This passage does not mean that civil authority is equivalent to moral authority. Breaking the law is not sin - not when it violates the authority of God's design for life in creation. Every Christian would violate the law if it outlawed worship of YHWH. Most would violate the law if it prevented them from feeding the hungry or clothing the exposed because of immigration status. Many would violate the law if it meant denying an undocumented immigrant the chance to work for a living. They do so because of their belief that every person is equal in God's eyes - and thus in ours as well. An argument from legality has no standing for Christians in light of an argument from morality.

I am not saying every Christian will understand their responsibility towards undocumented immigrants the same way - nor should we. There are different lines drawn based on conscience - but they must be drawn with grace. It pains me to see Christians assert their perspective as the correct view or to engage in "us and them" language. There may be more creative ways to supply jobs and education and we must work for them. Remember, treating the foreigner as you treat your own is secondary to the foreigner having their needs met at home. We must remember to do the first until the second is a reality.

Ultimately, however, I do not think our contention about immigration has much to do with immigration or law. It has everything to do with individual rights and liberty. Most opposition to immigration comes from those who feel it will cost them something - lower standard of living, lost employment, increased taxation, etc. These are legitimate human fears. They require a Christian response.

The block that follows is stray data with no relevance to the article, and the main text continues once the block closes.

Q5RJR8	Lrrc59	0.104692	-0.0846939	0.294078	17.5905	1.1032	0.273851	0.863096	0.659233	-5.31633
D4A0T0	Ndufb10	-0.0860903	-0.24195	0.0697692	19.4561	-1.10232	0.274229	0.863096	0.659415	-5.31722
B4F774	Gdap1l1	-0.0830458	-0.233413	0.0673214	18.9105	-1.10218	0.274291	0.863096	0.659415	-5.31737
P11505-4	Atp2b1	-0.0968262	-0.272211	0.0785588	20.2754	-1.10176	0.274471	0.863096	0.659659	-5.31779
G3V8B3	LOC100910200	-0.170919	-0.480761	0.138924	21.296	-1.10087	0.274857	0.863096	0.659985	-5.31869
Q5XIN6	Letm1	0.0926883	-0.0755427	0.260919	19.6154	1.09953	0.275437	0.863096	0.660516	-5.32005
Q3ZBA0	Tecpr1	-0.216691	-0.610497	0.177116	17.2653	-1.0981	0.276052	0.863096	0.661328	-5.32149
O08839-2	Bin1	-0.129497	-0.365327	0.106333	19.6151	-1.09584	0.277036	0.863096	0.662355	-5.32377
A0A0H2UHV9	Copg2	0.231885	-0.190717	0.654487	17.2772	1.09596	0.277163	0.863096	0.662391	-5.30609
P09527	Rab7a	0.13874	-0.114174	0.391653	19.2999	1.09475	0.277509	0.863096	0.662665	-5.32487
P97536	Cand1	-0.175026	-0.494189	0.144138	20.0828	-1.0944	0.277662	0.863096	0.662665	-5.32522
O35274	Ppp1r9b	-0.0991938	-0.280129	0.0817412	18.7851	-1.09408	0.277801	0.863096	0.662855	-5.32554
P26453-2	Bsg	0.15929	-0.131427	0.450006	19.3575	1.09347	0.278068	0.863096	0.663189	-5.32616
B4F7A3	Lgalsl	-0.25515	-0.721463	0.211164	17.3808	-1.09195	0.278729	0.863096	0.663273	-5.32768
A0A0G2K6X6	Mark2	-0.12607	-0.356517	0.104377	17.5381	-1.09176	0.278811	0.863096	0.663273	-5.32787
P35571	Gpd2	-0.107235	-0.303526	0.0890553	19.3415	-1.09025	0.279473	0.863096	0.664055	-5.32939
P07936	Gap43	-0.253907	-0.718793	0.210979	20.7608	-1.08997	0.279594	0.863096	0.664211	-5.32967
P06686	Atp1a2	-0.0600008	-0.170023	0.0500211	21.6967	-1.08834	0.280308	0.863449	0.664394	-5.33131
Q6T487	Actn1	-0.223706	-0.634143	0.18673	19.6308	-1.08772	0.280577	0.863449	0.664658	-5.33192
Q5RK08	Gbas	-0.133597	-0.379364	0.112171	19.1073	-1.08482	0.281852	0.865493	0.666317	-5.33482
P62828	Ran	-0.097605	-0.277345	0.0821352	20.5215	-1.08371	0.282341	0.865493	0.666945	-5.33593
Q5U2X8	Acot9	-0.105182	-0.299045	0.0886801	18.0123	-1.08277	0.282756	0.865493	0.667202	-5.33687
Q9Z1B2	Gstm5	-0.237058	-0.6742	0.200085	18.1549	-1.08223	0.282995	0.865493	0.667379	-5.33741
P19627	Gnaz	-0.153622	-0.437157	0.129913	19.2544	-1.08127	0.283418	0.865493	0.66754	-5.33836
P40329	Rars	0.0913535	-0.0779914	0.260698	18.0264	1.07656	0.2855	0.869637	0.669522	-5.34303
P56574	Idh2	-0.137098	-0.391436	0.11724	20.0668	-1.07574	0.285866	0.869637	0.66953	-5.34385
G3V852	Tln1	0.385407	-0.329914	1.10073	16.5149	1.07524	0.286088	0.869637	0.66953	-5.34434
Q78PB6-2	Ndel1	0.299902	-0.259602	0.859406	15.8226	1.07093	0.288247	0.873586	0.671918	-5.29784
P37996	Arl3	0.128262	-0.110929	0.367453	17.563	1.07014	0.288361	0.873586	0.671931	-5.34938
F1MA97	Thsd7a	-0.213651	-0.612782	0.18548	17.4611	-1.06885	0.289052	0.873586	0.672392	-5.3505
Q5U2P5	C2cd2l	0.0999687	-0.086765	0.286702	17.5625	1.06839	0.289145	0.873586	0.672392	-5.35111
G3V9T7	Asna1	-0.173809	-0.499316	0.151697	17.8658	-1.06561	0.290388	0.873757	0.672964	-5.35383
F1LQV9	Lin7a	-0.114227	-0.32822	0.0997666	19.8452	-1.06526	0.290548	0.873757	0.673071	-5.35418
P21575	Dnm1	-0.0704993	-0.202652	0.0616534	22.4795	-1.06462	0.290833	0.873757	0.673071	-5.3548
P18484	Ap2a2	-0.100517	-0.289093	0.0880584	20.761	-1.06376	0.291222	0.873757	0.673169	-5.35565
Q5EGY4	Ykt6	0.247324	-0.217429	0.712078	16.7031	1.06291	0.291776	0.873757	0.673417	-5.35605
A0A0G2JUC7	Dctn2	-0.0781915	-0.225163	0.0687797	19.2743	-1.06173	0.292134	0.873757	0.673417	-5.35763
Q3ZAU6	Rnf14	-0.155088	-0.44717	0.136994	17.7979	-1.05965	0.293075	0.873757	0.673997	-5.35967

Christ challenged us to "deny ourselves" and to "take up our cross and follow" him. This means that the Christian is willing to give whatever is necessary to show love to others, even if it means our very lives. At times, following Romans 13 means sacrifice. Submitting to authorities often means willingly embracing the punishment required for disobedience. At times, following the Torah teaching on the treatment of foreigners means sacrifice.

Christians are told to thank God for the privilege of suffering for the gospel. It is rarely easy, but it is our ideal. As Saint Juniper put it as he met a beggar, "I have nothing to give you except my robe and my superior has told me under obedience not to give it or part of it to anyone. But if you pull it off my back, I certainly will not prevent you.”

For Christians, liberty is found only as we are enslaved to the God of love; rights are useful only to be given away. If our words and actions do not reflect unconditional love and self-sacrifice, they do not reflect Christ.